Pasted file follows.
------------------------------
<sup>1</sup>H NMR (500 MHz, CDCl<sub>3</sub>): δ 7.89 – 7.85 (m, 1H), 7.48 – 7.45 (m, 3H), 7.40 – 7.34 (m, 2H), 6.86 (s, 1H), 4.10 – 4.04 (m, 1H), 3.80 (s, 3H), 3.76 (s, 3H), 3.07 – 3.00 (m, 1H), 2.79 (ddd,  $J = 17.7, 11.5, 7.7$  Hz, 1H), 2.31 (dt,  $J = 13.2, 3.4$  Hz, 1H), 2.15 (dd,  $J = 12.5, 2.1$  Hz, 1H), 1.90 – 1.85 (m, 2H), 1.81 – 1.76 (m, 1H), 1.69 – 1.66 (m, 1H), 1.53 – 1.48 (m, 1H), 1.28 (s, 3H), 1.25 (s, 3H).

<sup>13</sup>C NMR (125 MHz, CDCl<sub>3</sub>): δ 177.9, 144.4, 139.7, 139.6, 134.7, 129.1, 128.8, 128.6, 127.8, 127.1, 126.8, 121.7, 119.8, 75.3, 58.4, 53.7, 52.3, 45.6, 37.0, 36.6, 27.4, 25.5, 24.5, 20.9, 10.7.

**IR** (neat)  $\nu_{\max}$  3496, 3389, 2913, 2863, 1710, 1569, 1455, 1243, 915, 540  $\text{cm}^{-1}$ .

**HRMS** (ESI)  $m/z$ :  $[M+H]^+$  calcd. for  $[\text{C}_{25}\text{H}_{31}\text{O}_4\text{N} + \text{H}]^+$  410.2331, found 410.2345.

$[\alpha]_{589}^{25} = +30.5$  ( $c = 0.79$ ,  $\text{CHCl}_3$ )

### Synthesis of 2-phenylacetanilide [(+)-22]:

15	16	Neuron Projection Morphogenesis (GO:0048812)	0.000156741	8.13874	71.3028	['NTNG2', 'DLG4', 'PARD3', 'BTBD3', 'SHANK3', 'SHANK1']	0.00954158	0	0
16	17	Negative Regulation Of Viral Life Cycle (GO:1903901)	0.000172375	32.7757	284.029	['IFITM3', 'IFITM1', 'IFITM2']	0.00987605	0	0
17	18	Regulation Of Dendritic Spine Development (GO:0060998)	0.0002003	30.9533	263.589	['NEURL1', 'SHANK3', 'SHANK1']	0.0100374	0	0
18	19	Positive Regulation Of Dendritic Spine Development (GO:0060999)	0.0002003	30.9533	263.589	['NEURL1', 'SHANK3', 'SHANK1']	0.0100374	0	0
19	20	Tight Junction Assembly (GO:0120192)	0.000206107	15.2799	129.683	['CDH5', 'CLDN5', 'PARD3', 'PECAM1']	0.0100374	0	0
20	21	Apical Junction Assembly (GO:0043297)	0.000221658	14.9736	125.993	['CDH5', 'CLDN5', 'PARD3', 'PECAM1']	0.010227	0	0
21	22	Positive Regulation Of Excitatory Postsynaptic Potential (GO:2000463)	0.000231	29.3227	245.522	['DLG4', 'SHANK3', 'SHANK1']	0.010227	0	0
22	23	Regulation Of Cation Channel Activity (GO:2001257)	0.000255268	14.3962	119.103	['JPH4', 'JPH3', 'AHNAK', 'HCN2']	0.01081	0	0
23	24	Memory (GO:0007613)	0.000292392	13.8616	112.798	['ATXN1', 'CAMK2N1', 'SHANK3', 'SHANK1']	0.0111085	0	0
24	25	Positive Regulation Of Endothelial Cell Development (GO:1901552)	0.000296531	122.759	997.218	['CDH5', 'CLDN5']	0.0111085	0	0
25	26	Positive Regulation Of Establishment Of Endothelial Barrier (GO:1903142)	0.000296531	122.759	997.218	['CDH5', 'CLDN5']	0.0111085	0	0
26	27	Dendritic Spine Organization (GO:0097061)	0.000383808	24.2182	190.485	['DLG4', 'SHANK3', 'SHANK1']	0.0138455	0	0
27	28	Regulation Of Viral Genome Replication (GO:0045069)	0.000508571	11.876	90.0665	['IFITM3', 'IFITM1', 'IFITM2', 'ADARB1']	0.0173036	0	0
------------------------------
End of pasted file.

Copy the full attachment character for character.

<sup>1</sup>H NMR (500 MHz, CDCl<sub>3</sub>): δ 7.89 – 7.85 (m, 1H), 7.48 – 7.45 (m, 3H), 7.40 – 7.34 (m, 2H), 6.86 (s, 1H), 4.10 – 4.04 (m, 1H), 3.80 (s, 3H), 3.76 (s, 3H), 3.07 – 3.00 (m, 1H), 2.79 (ddd,  $J = 17.7, 11.5, 7.7$  Hz, 1H), 2.31 (dt,  $J = 13.2, 3.4$  Hz, 1H), 2.15 (dd,  $J = 12.5, 2.1$  Hz, 1H), 1.90 – 1.85 (m, 2H), 1.81 – 1.76 (m, 1H), 1.69 – 1.66 (m, 1H), 1.53 – 1.48 (m, 1H), 1.28 (s, 3H), 1.25 (s, 3H).

<sup>13</sup>C NMR (125 MHz, CDCl<sub>3</sub>): δ 177.9, 144.4, 139.7, 139.6, 134.7, 129.1, 128.8, 128.6, 127.8, 127.1, 126.8, 121.7, 119.8, 75.3, 58.4, 53.7, 52.3, 45.6, 37.0, 36.6, 27.4, 25.5, 24.5, 20.9, 10.7.

**IR** (neat)  $\nu_{\max}$  3496, 3389, 2913, 2863, 1710, 1569, 1455, 1243, 915, 540  $\text{cm}^{-1}$ .

**HRMS** (ESI)  $m/z$ :  $[M+H]^+$  calcd. for  $[\text{C}_{25}\text{H}_{31}\text{O}_4\text{N} + \text{H}]^+$  410.2331, found 410.2345.

$[\alpha]_{589}^{25} = +30.5$  ( $c = 0.79$ ,  $\text{CHCl}_3$ )

### Synthesis of 2-phenylacetanilide [(+)-22]:

15	16	Neuron Projection Morphogenesis (GO:0048812)	0.000156741	8.13874	71.3028	['NTNG2', 'DLG4', 'PARD3', 'BTBD3', 'SHANK3', 'SHANK1']	0.00954158	0	0
16	17	Negative Regulation Of Viral Life Cycle (GO:1903901)	0.000172375	32.7757	284.029	['IFITM3', 'IFITM1', 'IFITM2']	0.00987605	0	0
17	18	Regulation Of Dendritic Spine Development (GO:0060998)	0.0002003	30.9533	263.589	['NEURL1', 'SHANK3', 'SHANK1']	0.0100374	0	0
18	19	Positive Regulation Of Dendritic Spine Development (GO:0060999)	0.0002003	30.9533	263.589	['NEURL1', 'SHANK3', 'SHANK1']	0.0100374	0	0
19	20	Tight Junction Assembly (GO:0120192)	0.000206107	15.2799	129.683	['CDH5', 'CLDN5', 'PARD3', 'PECAM1']	0.0100374	0	0
20	21	Apical Junction Assembly (GO:0043297)	0.000221658	14.9736	125.993	['CDH5', 'CLDN5', 'PARD3', 'PECAM1']	0.010227	0	0
21	22	Positive Regulation Of Excitatory Postsynaptic Potential (GO:2000463)	0.000231	29.3227	245.522	['DLG4', 'SHANK3', 'SHANK1']	0.010227	0	0
22	23	Regulation Of Cation Channel Activity (GO:2001257)	0.000255268	14.3962	119.103	['JPH4', 'JPH3', 'AHNAK', 'HCN2']	0.01081	0	0
23	24	Memory (GO:0007613)	0.000292392	13.8616	112.798	['ATXN1', 'CAMK2N1', 'SHANK3', 'SHANK1']	0.0111085	0	0
24	25	Positive Regulation Of Endothelial Cell Development (GO:1901552)	0.000296531	122.759	997.218	['CDH5', 'CLDN5']	0.0111085	0	0
25	26	Positive Regulation Of Establishment Of Endothelial Barrier (GO:1903142)	0.000296531	122.759	997.218	['CDH5', 'CLDN5']	0.0111085	0	0
26	27	Dendritic Spine Organization (GO:0097061)	0.000383808	24.2182	190.485	['DLG4', 'SHANK3', 'SHANK1']	0.0138455	0	0
27	28	Regulation Of Viral Genome Replication (GO:0045069)	0.000508571	11.876	90.0665	['IFITM3', 'IFITM1', 'IFITM2', 'ADARB1']	0.0173036	0	0